A feature I like about GoodReads is the exporting of any new reviews I write on there to my WordPress. In fact, my last blog on here was a review imported from GoodReads. (See “Review: Brian Lumley’s Mythos Omnibus: “Burrowers Beneath”, “Transition of Titus Crow”, “Clock of Dreams” Vol 1”.)

Here’s a quick recap of what I’ve read lately (though of course you can now go to my GoodReads profile to see what’s on my bookshelves):

Knights of the Old Republic: Commencement (Star Wars graphic novel)
Angel: The Wolf, The Ram, and The Heart (graphic novel)
A Feast for Crows (book four of A Song of Ice and Fire) by George R.R. Martin
The Farthest Shore by Ursula K. LeGuin
Dark Force Rising by Timothy Zahn

And, my current ‘to read’ list:
The Last Command by Timothy Zahn
Downbelow Station by C.J. Cherryh
Priestess of Avalon by Marion Zimmer Bradley
Stormqueen! (part of The Ages of Chaos omnibus) by Marion Zimmer Bradley
Circus of the Damned by Laurell K. Hamilton
Stolen by Kelley Armstrong
Moon of 3 Rings by Andre Norton

I enjoyed the first six issues of Star Wars: Knights of the Old Republic (KOTOR) and will likely read more at some point. I think the series got off to a good start in the first little story arc. Like all Star Wars comics/graphic novels, KOTOR is published by Dark Horse. They have finished the run of KOTOR, so now is a good time to read the whole series. The series takes place before the setting for the new Star Wars video game The Old Republic. The new game is an MMORPG (if you’re a gamer you know what that is). 😀

IDW finally published Angel: The Wolf, The Ram, and The Heart and concludes their run of the Angel (Buffyverse) comics. I enjoyed IDW’s Angel: After the Fall series and the few stories after that, but I failed to see where they were going (or that they were going somewhere good) with the series when Bill Willingham took over in Immortality for Dummies. (I initially enjoyed Willingham’s Fables comics, but when he started dragging out the stories I lost interest after volume ten.) The Wolf, The Ram, and The Heart concluded Willingham’s storyline for Angel, and in my opinion brought the story back to what Angel is all about as a series. I think it’s for the best that the Angel title is moving back to Dark Horse. Dark Horse will be publishing a new series called Angel and Faith which will be running alongside Buffy Season 9. 😀

I finally finished A Feast for Crows, the fourth book of A Song of Ice and Fire by George R.R. Martin. I found I didn’t enjoy A Feast for Crows as much as the previous three novels – likely because I didn’t care about the characters in this book as much as I did the characters in the first three novels. (I kind of think of the first three novels as a beginning trilogy in A Song of Ice and Fire.) I do not like Cersei – never did. I may feel a little pity for her, but she wins hands-down on the b-i-t-c-h award (considering that she’s probably sleeping with all the men who swear allegiance to her as queen, well… the b-word pretty much fits her). She’s conniving, manipulative, and paranoid. Sure, maybe she feels like she got the short end of the stick (not really though; in reality, she got things pretty good for a while) when she had to marry Robert Baratheon instead of Rhaegar Targaryen, but she still got to be queen in name (even if being Robert’s queen wasn’t exactly how she dreamed being queen would be). Basically her point of view chapters consisted of “Look how beautiful and smart I am” and “I deserve better than this!”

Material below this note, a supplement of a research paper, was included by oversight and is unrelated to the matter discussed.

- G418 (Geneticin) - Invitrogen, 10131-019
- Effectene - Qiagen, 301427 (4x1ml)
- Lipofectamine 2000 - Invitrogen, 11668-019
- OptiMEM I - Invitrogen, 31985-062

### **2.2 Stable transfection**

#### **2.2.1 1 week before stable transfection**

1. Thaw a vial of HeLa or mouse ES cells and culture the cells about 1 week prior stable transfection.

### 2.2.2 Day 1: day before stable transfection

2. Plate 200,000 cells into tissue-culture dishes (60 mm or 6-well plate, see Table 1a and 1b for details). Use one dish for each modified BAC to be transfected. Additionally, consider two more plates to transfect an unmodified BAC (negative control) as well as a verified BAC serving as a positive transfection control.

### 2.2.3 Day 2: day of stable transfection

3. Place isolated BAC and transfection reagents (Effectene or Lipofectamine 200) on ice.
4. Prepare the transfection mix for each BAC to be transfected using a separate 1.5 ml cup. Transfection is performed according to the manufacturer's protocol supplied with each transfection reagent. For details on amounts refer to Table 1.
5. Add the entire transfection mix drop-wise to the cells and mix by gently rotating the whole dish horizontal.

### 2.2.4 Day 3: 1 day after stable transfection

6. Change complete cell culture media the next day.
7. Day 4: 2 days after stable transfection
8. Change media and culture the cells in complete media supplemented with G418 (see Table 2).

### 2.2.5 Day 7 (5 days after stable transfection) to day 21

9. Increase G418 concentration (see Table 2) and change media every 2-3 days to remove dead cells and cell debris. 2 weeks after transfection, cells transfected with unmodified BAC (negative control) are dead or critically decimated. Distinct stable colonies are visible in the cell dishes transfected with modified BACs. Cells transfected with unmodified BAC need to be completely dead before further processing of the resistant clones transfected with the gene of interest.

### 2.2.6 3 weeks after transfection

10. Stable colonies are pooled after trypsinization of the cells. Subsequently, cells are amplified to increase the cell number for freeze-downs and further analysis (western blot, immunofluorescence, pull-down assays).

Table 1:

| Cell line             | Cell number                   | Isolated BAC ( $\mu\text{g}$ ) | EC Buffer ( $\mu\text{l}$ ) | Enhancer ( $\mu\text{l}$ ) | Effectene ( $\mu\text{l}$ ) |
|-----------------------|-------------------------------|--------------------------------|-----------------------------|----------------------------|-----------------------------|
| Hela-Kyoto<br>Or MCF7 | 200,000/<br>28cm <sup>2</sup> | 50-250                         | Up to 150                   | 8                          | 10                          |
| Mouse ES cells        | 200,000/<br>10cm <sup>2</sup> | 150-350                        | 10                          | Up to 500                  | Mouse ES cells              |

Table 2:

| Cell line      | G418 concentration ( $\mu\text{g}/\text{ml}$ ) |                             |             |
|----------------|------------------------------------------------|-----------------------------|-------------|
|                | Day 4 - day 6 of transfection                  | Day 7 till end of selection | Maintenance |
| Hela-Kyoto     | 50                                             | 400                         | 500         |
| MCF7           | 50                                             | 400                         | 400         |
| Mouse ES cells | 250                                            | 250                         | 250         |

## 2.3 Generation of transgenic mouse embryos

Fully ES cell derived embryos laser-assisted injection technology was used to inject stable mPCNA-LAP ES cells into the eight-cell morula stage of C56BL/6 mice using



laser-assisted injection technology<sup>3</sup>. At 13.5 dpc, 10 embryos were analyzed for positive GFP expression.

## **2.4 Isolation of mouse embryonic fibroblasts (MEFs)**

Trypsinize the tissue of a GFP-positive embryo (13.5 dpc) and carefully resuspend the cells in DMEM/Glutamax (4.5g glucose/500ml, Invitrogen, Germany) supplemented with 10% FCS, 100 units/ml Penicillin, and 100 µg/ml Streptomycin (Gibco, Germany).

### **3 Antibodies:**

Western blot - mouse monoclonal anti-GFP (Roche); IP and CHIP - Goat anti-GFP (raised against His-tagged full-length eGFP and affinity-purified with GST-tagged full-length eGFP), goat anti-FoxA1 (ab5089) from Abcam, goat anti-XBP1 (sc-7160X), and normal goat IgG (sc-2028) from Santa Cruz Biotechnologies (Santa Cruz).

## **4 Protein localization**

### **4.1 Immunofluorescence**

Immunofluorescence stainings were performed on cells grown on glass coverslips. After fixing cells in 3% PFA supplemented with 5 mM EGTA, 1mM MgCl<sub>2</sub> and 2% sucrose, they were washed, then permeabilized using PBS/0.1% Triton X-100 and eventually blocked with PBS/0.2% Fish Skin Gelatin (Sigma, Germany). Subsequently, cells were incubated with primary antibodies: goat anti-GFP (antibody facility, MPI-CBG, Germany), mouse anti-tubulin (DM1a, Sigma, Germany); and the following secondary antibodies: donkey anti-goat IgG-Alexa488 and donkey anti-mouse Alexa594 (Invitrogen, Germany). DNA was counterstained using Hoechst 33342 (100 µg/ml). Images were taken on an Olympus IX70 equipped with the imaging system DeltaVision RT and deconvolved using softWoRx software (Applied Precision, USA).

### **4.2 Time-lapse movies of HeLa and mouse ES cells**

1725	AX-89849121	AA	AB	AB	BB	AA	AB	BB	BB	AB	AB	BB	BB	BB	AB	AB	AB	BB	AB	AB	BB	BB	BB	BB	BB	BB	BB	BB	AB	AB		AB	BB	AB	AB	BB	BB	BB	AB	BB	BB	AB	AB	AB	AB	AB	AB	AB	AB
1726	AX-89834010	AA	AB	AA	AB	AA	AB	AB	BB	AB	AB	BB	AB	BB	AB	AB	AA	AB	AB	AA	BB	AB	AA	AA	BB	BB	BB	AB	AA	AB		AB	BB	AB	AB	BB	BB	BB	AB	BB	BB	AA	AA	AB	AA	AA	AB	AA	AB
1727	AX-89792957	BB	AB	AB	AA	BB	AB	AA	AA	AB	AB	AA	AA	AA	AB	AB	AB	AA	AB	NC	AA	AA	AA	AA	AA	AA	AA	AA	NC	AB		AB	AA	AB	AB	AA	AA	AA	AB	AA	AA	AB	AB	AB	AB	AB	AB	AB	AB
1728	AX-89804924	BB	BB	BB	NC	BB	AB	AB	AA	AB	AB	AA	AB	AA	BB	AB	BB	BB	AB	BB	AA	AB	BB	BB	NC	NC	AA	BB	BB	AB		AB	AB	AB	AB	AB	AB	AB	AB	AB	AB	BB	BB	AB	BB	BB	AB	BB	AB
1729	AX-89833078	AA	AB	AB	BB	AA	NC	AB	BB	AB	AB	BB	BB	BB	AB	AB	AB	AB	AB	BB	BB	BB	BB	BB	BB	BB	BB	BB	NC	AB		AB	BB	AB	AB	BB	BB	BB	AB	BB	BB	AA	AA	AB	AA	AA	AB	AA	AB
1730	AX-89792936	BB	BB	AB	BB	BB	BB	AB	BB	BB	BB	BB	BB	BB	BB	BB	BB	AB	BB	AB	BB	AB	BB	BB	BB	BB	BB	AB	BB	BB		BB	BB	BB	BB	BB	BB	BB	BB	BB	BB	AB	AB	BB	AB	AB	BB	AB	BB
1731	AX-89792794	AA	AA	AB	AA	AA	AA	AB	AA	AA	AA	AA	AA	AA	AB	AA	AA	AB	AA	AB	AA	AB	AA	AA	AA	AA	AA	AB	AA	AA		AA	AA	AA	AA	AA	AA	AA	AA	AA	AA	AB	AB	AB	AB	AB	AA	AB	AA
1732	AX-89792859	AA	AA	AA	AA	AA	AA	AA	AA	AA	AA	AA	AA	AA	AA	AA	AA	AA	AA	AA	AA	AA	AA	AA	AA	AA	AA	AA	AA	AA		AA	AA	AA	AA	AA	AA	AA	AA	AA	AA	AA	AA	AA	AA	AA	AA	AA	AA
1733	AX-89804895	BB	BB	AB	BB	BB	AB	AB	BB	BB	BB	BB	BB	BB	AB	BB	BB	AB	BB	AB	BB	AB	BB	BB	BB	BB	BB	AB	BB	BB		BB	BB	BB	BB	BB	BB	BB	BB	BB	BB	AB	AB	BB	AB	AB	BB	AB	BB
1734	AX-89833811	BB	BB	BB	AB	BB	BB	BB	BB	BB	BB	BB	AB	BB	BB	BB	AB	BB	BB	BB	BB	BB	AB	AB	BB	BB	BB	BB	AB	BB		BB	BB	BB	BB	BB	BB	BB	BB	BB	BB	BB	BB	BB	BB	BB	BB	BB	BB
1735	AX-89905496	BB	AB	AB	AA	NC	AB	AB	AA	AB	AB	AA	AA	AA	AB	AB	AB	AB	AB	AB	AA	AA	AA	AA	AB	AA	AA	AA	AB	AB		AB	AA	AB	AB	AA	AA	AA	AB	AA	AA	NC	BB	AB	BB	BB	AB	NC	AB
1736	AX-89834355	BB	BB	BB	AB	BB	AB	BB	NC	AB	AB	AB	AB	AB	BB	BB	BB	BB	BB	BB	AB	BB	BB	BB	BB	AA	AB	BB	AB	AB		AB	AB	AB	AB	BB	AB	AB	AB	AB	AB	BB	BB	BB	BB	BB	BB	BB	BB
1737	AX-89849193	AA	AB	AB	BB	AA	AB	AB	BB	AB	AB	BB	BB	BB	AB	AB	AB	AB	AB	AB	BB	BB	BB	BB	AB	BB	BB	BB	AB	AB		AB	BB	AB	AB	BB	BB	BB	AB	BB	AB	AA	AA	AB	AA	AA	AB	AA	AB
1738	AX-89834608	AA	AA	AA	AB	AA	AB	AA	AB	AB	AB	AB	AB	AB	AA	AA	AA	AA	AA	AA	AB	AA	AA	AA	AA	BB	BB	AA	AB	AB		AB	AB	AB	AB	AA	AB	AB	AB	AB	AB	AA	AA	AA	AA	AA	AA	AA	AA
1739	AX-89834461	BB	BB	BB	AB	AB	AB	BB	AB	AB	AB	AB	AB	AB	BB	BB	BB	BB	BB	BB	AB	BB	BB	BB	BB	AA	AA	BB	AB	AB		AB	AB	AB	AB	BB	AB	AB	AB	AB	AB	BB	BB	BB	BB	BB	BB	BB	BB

I have to commend Martin though for writing so well. Clearly, we are not supposed to like Cersei. Considering how much I dislike her, Martin did an awesome job writing her chapters.

Some high points of the novel were Arya’s chapters (who doesn’t love Arya??) and a new character in Dorne that I rather like, though it remains to be seen if I’ll like her later. There’s only a little bit about her in this novel. For those who have read A Feast for Crows, I am speaking of Princess Arianne Martell of Dorne, of course. She’s high-spirited, but not irrational. (Okay, maybe she reminds me of me, but at least I know my biases.) It will be interesting to see where Martin takes her character.

There’s more I could say about A Feast for Crows, but the previous points are really the most important things to note (at least, in my opinion). I do have to point out though that the Cersei chapters are important (annoying as she is) because as Queen Regent, her chapters provide important information as to what’s going on in Westeros and overseas (or at least they show how the Queen and her council think things are going). One last thing, Tommen seems to be a ‘normal’ boy – not at all like Joffrey. Instead of killing a mother cat to see the kittens inside, Tommen sleeps with three little kittens. Will wonders never cease.

I finished reading the third book of the Earthsea trilogy. I doubt I will be reading the remaining books in that series. The Farthest Shore just didn’t seem as fun as the first two novels in the trilogy. LeGuin is a good writer, but I think the next novels I’ll read by her will be some of her science fiction ones.